Moving subjects should have a bit more space in the direction they're heading, except if you're into capturing a bit more tense and thrilling mood. Again, take a couple of photos with different compositions and play around with it. These rules aren't fixed. Nobody can tell you what to do.
Fill your frame, move closer to the subject, crop it, make the scene interesting and the viewer occupied with details.
Centering the subject is not always such a great idea. For example, in portraits, the eyes should be placed on 1/3 of the photo (horizontally, of course), just remember the rule of thirds. Same thing is with horizons and such.
White balance is awesome.
My white balance is on auto mode and it looks good.
But it could look even better.
Adjust your white balance for each scene (or shoot in RAW and adjust it later ) so you can avoid those nasty orange tones when taking the photo indoors under artificial light sources, or when taking a photo on a sunny day, or in shade.
I won't even say what it can do, go out and find out yourself the brilliance of white balance.
Your built-in flash is actually not your friend yet.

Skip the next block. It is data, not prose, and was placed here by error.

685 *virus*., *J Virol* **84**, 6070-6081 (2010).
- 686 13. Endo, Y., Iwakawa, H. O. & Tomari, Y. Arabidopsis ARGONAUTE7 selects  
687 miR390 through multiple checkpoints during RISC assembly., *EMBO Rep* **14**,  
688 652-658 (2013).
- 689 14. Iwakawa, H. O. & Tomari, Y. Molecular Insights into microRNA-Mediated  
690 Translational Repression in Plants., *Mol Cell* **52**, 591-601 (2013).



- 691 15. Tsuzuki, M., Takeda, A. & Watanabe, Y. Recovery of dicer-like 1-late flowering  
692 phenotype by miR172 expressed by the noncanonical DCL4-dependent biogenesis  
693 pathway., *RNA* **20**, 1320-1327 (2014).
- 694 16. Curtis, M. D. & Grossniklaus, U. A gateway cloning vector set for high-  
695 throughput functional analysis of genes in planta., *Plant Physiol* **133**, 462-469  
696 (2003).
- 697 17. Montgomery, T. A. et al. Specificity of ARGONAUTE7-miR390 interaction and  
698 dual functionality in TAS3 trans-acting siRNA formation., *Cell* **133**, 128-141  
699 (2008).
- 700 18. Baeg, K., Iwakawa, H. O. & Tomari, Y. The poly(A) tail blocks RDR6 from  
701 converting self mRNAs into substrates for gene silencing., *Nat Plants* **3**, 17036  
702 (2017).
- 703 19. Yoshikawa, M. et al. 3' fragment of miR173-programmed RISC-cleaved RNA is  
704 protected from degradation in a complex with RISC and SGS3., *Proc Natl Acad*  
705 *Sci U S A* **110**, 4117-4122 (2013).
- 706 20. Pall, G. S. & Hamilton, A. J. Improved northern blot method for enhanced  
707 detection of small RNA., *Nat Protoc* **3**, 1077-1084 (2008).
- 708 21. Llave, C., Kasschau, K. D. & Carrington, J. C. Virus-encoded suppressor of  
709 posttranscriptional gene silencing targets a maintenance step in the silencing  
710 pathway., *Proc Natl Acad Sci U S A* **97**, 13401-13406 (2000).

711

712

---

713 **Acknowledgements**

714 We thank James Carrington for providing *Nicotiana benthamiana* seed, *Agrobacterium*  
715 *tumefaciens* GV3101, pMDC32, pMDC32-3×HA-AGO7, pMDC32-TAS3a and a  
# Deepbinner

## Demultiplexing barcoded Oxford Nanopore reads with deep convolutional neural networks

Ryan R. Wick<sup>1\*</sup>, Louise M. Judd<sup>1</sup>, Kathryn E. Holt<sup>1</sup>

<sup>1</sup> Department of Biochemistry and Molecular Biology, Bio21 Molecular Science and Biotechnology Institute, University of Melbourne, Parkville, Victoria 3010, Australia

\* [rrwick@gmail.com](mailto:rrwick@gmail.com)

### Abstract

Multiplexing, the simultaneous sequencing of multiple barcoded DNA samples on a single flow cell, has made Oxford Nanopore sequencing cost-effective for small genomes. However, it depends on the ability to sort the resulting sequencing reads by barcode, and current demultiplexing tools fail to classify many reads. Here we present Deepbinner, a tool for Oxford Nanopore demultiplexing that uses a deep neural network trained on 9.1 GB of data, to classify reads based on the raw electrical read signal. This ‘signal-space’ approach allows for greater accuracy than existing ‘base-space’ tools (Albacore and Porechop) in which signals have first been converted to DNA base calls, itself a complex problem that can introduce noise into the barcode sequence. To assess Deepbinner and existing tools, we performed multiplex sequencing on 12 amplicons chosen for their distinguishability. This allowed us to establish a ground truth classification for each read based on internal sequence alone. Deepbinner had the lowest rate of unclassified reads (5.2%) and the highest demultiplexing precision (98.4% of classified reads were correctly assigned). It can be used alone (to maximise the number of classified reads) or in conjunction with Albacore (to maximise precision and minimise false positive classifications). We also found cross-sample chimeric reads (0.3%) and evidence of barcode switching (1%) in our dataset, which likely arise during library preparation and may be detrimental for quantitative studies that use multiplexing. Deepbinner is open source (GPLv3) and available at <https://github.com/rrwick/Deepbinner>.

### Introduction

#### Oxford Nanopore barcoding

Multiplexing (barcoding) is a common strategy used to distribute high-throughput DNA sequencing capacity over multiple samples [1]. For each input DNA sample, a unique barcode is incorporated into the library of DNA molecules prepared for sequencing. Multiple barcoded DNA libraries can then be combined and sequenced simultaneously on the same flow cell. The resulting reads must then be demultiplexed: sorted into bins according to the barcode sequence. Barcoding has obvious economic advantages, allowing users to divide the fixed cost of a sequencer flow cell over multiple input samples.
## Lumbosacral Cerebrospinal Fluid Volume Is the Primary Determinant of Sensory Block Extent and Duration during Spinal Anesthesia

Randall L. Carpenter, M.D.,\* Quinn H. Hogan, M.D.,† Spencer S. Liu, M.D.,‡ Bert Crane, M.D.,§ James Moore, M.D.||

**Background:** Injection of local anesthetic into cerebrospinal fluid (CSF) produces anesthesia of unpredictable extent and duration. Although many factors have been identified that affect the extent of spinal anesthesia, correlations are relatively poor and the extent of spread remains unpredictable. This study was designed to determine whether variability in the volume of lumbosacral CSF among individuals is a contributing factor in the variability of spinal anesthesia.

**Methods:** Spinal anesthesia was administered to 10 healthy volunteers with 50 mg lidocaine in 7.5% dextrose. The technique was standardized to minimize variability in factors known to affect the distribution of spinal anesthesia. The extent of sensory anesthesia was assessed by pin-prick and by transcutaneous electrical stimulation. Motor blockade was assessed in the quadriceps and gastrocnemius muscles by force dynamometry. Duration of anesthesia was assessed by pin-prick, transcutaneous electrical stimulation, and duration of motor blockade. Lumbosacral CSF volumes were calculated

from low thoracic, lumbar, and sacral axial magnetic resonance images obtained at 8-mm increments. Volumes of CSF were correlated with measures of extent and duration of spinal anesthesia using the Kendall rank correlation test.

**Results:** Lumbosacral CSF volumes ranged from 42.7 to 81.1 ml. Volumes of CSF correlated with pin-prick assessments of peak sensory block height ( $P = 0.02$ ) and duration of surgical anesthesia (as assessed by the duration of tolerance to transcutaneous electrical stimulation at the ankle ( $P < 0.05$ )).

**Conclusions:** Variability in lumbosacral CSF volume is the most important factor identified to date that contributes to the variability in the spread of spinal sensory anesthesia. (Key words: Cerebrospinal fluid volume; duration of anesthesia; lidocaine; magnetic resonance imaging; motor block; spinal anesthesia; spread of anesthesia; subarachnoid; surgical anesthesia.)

But it said I can take photos with it when I need more lighting.
Don't listen to it, it's mean. Use the knowledge about the exposure triangle, combine it with white balance and make your own great exposed photo. The flash usually casts the light that is too bright and harsh so your subject won't look as good as you think they would. It can be useful in some other techniques like fill flash, but there is still much to learn when it comes to that.
Take photos whenever you can, wherever you can, experiment, play with your camera, get to know it, love it and it will love you back.
No, seriously. Go read the manual, ask someone online, try different things, try using props, go explore the garden after the rain, take a walk around the city and shoot, shoot, shoot.
That would be all from me for now.
I hope you've enjoyed this little guide and that you find it useful.
If you have any questions, please don't hesitate to ask, we're all here to help.
Have a nice weekend!